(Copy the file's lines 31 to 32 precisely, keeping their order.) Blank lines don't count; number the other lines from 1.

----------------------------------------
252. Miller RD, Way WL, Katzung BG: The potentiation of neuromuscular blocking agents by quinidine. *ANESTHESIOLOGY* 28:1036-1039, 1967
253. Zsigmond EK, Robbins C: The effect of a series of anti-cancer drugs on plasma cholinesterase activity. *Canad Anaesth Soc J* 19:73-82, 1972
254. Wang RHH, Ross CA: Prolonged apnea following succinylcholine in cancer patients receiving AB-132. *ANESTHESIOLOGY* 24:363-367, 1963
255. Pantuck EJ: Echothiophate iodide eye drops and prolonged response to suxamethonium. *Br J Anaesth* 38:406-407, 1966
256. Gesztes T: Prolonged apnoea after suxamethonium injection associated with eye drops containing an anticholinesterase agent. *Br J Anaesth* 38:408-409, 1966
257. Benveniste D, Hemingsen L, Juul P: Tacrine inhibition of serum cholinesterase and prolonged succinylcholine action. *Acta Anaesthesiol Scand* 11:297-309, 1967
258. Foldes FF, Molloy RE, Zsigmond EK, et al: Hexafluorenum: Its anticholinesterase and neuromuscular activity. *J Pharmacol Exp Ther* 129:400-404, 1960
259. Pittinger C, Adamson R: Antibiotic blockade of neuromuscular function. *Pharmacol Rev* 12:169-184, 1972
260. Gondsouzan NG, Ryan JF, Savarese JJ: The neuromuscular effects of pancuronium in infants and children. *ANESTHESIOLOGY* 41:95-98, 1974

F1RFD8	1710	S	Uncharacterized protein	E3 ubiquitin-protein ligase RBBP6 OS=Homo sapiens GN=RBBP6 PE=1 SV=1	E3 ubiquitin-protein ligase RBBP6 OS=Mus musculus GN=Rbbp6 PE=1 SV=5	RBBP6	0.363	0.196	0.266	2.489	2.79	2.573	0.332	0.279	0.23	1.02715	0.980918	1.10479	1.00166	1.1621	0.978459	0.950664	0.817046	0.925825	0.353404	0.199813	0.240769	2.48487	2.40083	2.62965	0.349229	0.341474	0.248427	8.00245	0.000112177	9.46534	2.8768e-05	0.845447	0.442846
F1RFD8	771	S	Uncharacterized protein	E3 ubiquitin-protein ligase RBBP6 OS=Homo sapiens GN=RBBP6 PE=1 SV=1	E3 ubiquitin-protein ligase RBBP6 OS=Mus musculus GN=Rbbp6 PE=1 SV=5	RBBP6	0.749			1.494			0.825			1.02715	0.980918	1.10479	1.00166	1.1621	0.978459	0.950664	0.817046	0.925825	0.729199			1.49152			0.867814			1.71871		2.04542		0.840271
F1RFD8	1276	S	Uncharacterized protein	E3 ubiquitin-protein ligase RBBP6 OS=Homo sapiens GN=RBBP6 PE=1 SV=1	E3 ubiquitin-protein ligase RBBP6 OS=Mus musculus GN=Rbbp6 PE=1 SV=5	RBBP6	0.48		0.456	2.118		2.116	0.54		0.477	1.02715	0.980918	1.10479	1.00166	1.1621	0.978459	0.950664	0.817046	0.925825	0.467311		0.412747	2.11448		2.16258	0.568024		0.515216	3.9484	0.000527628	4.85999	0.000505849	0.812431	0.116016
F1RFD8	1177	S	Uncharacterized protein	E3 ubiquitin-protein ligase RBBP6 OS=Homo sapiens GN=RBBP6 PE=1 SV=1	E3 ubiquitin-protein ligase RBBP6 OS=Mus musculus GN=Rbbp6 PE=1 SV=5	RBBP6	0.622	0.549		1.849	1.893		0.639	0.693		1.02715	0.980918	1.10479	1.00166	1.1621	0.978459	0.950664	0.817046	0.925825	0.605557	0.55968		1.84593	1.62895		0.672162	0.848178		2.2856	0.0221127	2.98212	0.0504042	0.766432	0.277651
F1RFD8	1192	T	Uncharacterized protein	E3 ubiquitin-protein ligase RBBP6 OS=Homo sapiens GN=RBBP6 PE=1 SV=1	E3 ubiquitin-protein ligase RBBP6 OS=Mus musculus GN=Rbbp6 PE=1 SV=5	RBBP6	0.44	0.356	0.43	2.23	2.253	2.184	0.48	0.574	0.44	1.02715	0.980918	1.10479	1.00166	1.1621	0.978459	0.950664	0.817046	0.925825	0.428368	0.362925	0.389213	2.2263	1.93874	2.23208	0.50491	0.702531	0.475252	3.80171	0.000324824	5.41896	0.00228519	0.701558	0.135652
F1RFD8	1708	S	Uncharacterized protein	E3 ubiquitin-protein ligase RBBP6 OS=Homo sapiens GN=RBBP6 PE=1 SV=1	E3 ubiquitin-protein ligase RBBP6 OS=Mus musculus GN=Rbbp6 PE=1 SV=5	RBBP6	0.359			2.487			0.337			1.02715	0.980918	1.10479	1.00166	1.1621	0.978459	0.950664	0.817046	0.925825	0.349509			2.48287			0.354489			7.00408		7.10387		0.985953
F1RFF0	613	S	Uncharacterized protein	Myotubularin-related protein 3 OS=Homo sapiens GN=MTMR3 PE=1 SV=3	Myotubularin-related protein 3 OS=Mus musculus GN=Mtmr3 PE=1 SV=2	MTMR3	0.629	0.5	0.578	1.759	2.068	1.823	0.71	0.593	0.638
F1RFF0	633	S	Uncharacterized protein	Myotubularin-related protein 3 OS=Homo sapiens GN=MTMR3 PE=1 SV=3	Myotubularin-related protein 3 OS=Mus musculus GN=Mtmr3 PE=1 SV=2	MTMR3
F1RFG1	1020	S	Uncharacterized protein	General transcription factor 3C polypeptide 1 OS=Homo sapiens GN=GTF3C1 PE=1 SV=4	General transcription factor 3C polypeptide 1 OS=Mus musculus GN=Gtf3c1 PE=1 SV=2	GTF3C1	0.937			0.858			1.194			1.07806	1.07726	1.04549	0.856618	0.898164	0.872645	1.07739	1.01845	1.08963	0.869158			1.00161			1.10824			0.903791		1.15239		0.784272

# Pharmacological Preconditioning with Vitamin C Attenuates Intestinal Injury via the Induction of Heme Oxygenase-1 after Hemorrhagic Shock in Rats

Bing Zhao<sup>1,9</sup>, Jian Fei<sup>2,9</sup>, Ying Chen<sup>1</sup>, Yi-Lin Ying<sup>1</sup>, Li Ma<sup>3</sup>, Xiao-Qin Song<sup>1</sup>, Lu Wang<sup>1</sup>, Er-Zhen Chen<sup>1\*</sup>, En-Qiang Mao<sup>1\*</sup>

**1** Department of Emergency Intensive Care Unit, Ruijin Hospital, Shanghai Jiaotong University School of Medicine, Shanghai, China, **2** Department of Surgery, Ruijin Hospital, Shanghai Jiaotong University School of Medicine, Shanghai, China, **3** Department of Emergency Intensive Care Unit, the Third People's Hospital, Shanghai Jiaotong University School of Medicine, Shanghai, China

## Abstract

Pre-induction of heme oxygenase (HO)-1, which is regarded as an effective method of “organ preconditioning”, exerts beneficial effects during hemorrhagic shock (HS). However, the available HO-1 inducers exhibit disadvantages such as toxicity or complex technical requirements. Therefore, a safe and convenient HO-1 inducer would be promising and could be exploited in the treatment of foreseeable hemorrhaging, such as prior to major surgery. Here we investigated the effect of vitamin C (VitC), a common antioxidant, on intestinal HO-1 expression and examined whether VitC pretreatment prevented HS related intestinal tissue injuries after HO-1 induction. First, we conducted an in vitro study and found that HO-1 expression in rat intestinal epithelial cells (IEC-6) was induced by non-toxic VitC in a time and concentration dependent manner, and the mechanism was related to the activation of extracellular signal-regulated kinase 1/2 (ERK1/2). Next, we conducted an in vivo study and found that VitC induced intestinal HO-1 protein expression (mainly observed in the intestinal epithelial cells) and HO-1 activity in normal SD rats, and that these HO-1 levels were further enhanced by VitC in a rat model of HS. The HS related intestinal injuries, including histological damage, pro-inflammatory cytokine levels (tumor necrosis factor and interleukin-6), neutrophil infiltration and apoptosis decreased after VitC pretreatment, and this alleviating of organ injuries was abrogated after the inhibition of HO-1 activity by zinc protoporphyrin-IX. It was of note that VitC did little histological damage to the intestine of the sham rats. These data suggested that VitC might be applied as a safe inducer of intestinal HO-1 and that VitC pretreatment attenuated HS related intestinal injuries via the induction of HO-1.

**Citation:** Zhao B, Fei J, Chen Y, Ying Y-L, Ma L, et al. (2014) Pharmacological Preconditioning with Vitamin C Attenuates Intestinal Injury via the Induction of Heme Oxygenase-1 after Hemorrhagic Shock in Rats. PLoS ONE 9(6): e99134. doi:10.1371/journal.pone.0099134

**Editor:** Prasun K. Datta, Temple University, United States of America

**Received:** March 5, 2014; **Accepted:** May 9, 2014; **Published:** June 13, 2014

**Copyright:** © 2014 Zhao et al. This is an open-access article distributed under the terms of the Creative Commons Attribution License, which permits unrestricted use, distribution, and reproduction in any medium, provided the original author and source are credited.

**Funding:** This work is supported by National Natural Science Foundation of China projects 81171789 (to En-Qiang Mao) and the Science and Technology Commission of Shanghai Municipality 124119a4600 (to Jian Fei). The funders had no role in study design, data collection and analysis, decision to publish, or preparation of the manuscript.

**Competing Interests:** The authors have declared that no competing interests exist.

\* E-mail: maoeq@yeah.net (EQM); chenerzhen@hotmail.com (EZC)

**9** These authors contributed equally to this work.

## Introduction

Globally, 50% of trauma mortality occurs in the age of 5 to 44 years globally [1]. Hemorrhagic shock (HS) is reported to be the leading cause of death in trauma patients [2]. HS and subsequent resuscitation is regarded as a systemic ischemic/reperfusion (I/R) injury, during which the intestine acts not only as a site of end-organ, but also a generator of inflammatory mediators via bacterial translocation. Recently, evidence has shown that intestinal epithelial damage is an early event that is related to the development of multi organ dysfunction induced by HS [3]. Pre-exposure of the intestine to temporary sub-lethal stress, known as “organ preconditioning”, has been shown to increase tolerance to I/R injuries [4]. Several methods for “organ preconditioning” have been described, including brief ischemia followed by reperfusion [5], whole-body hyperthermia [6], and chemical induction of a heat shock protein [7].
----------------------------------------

**9** These authors contributed equally to this work.

## Introduction